Without evidence of benefit, an intervention should not be presumed to be beneficial or safe.

- Rogue Medic

The NNT and Merit Badge Meds

Perhaps I am too negative in my interpretation of the research on ACLS medications. What about a more objective assessment – one with a more statistical view of the harms and benefits?

How many patients have to be treated with ACLS (Advanced Cardiac Life Support) drugs in order for one patient to benefit (be resuscitated) from the treatment?

The NNT is a very interesting site. The information is prevented much more succinctly than I usually describe things.

Why NNT?

NNT is a common medical term.

NNT is the Number Needed to Treat – the average number of patients we would need to treat with something in order for one patient to benefit. The flip side is NNH.

NNH is the Number Needed to Harm – the average number of patients we would need to treat with something in order to harm one patient.

This is explained in more detail (including a less than 4 minute YouTube video for those who don’t want to read a lot) at the NNT Explained page. Understanding the material presented in the video is very important for understanding the actual benefit of a treatment, rather than the potential benefit that is given by those promoting any treatment.

Once you understand this, you will be able to see that many treatments require huge numbers of participants because the NNT is so large. A large NNT means a small benefit (in numbers). Just because only a small number of patients benefit, does not mean that the benefit is small. The amount of benefit for those who do benefit is also important. This is one of the reasons we spend so much time treating cardiac arrest.

While the NNT for cardiac arrest is large, the benefit is lives saved. There are few benefits as important as that. As the method of CPR improves, the NNT drops because the treatment helps more patients. The NNT is a great site to look around and get a quick idea of the relative benefits of many different treatments. Go browse the NNT.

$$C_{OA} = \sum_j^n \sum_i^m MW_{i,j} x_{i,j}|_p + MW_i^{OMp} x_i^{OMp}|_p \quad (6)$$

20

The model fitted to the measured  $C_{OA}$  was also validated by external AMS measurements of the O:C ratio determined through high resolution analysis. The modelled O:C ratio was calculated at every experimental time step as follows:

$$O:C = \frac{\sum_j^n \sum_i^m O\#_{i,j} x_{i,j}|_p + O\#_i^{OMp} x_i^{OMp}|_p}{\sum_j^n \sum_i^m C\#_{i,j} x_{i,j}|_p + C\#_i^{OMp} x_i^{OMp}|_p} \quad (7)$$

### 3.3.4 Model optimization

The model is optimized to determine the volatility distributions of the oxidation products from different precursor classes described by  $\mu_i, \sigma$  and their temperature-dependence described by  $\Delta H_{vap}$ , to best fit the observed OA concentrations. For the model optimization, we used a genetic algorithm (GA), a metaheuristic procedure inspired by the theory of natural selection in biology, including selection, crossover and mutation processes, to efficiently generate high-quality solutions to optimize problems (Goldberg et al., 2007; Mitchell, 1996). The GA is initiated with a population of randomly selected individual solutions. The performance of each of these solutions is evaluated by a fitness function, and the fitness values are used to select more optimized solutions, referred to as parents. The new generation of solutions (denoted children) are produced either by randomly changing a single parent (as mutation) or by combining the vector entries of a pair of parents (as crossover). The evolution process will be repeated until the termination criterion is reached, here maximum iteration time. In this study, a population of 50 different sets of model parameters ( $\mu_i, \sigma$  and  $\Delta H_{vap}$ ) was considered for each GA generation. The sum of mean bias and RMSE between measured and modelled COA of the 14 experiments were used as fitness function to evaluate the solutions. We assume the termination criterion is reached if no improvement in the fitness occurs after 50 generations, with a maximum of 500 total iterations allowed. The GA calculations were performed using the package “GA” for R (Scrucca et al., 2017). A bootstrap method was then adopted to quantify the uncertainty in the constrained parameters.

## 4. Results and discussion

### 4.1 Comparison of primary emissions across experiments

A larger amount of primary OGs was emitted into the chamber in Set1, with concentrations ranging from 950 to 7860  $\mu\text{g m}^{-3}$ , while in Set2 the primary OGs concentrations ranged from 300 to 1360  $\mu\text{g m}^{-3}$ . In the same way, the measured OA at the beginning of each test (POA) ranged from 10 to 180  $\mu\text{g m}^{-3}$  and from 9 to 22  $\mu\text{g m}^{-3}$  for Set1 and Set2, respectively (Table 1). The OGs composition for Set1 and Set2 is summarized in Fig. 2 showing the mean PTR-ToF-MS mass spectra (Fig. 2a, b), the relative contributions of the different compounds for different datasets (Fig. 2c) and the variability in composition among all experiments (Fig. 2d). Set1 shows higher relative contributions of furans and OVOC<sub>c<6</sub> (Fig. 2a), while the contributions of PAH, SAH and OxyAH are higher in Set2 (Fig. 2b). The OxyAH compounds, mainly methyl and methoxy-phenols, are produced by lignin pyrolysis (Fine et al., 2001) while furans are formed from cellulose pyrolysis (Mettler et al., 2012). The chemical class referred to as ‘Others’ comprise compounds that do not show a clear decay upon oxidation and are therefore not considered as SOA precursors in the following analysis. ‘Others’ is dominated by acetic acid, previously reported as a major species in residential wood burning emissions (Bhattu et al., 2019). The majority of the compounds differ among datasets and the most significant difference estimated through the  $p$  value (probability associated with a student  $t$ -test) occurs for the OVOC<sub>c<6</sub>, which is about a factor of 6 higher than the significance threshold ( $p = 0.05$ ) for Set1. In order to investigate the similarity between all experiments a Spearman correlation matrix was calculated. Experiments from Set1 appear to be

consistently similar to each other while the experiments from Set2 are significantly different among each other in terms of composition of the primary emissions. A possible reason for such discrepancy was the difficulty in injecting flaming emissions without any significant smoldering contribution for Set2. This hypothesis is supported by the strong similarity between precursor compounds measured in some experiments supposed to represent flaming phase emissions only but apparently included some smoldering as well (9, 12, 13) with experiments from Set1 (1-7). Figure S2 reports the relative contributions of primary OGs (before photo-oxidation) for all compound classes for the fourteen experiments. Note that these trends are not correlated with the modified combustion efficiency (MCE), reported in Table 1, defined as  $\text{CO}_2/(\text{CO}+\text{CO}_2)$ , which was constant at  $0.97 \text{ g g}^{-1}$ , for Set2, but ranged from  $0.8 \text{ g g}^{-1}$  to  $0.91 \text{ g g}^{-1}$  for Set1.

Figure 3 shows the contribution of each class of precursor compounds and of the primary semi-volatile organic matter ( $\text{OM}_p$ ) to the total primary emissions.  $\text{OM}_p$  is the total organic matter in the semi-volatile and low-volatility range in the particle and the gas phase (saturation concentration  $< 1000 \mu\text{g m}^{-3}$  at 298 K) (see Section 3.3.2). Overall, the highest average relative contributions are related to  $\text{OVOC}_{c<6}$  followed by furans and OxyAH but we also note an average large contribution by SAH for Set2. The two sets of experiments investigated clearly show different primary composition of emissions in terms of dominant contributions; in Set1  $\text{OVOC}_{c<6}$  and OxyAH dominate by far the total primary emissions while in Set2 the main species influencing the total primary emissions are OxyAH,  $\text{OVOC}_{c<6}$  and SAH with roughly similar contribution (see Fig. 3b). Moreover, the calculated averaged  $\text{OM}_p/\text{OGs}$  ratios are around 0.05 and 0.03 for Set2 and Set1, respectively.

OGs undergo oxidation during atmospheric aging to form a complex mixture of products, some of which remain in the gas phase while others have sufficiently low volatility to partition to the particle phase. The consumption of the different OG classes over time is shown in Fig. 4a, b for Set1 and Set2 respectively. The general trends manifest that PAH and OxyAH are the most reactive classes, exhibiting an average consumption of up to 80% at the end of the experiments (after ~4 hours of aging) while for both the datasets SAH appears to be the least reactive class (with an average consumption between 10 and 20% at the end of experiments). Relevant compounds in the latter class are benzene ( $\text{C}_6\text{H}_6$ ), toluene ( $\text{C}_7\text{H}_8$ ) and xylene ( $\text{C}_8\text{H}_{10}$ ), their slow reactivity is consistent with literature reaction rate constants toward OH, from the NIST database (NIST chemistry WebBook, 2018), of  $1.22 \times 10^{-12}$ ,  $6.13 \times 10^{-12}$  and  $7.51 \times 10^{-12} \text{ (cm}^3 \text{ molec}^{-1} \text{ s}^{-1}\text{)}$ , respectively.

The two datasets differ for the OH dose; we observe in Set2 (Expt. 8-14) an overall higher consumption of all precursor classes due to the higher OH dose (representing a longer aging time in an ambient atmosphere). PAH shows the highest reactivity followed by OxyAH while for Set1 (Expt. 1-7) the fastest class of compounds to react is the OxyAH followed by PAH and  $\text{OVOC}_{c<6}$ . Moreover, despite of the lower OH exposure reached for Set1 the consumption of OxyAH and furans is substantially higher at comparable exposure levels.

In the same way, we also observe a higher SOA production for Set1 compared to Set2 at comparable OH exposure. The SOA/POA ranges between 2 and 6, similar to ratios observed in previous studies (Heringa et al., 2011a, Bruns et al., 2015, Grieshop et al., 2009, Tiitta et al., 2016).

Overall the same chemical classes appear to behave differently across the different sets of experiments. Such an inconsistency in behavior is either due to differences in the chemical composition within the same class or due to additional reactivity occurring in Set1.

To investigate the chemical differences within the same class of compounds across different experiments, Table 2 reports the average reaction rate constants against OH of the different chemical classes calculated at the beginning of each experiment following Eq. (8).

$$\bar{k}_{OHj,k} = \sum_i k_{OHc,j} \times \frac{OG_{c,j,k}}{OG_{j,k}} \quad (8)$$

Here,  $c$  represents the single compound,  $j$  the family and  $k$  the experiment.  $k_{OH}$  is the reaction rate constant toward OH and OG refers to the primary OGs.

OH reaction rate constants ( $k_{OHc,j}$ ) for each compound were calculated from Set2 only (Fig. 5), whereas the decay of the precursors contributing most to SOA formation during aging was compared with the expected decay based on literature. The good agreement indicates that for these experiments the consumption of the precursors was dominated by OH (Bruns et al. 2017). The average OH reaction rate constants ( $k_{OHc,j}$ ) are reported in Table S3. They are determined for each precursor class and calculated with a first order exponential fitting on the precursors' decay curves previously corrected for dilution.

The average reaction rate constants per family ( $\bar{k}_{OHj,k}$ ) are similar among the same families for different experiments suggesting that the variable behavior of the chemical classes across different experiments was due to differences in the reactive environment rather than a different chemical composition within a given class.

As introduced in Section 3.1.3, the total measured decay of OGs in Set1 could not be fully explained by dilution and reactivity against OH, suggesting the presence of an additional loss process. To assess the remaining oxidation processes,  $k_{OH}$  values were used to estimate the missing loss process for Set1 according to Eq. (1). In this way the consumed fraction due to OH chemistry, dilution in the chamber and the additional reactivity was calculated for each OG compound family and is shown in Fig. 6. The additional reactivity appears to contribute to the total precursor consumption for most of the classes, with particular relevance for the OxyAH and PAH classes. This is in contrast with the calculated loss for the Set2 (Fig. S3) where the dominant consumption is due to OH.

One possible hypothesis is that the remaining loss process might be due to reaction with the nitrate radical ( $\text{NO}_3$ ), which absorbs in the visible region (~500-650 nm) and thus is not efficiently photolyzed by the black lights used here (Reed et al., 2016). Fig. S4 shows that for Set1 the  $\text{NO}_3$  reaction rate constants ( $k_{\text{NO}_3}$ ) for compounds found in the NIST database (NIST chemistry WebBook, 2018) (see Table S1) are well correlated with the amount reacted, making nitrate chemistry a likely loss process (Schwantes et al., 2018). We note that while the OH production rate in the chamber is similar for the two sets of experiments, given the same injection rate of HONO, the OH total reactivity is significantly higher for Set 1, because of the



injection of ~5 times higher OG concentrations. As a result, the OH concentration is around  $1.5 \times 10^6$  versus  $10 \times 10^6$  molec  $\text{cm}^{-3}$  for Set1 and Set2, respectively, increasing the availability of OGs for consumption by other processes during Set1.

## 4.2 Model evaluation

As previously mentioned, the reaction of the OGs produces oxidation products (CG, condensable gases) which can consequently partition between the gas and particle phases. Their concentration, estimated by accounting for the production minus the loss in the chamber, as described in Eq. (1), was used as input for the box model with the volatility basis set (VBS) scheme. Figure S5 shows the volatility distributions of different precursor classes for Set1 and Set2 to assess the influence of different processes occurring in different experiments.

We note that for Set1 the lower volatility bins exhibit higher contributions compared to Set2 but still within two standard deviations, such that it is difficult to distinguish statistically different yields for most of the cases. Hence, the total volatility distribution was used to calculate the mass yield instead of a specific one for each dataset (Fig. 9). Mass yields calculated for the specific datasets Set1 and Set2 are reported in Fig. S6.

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Furosemide and Drug Shortages 2


Also posted over at Paramedicine 101, which is now at EMS Blogs. Go check out the excellent material there.

I will keep pointing out the problems with furosemide (Lasix) and the evidence against it. Let’s ignore the problems with giving furosemide to patients who actually have CHF/ADHF (Congestive Heart Failure/Acute Decompensated Heart Failure). Can medics correctly identify CHF/ADHF?

The EHS ePCR database identified paramedic reports in which furosemide was administered. As furosemide only appears in the CHF/pulmonary edema protocol, paramedic differential diagnosis of this was assumed by furosemide administration. Data abstraction from the EHS ePCR and ED chart included the EP primary diagnosis, considered the gold standard. Other data points collected included: demographic information; EHS treatment administered; treatment administered in the ED; adverse events and patient disposition.[1]

They do not describe their method of selecting the charts.

Was it completely random?

Was it sequential?

How did they select their sample?

There were three objectives of this study. The first was to determine agreement between paramedic administration of furosemide with EP diagnosis of CHF. The second was to examine differences in interventions administered by paramedics and in the ED by EP diagnosis of CHF. The third objective was to identify any adverse events that occurred during patient care.[1]

How much agreement on CHF/ADHF diagnoses?

It should be noted that seven patients without an ED diagnosis of CHF received ED furosemide and 43 patients received ED nitro with only eight of those having a primary diagnosis of ACS. This data put the accuracy of the primary ED final diagnosis as a reference standard into question, as it appears CHF may have been in the differential diagnosis for many patients not ultimately diagnosed with CHF. Secondary diagnoses were not sought out and included. Therefore, paramedic accuracy reported in this study may be falsely low, if CHF was part of the EP secondary diagnoses. It should also be noted that there were two patients with a diagnosis of “shortness of breath not yet diagnosed.” It is possible that these patients did indeed have CHF, but were not diagnosed until a later time during hospital care. This needs to be considered when determining paramedic diagnostic accuracy.[1]

OK. For some reason, the emergency physicians gave furosemide to 21% of the patients they diagnosed with something other than CHF/ADHF. That may be explained by the CHF/ADHF being a secondary diagnosis.

This is something that should have been included in the study. What was being treated and for what reason. From the way they describe their data, they had the actual ED physician chart, not just a diagnosis. This is something they should include in a follow-up study, especially with a larger sample size.

Since two of the patients had the diagnosis shortness of breath not yet diagnosed I will move them to the CHF/ADHF side of the graph. After all, most of the patients were diagnosed with CHF/ADHF.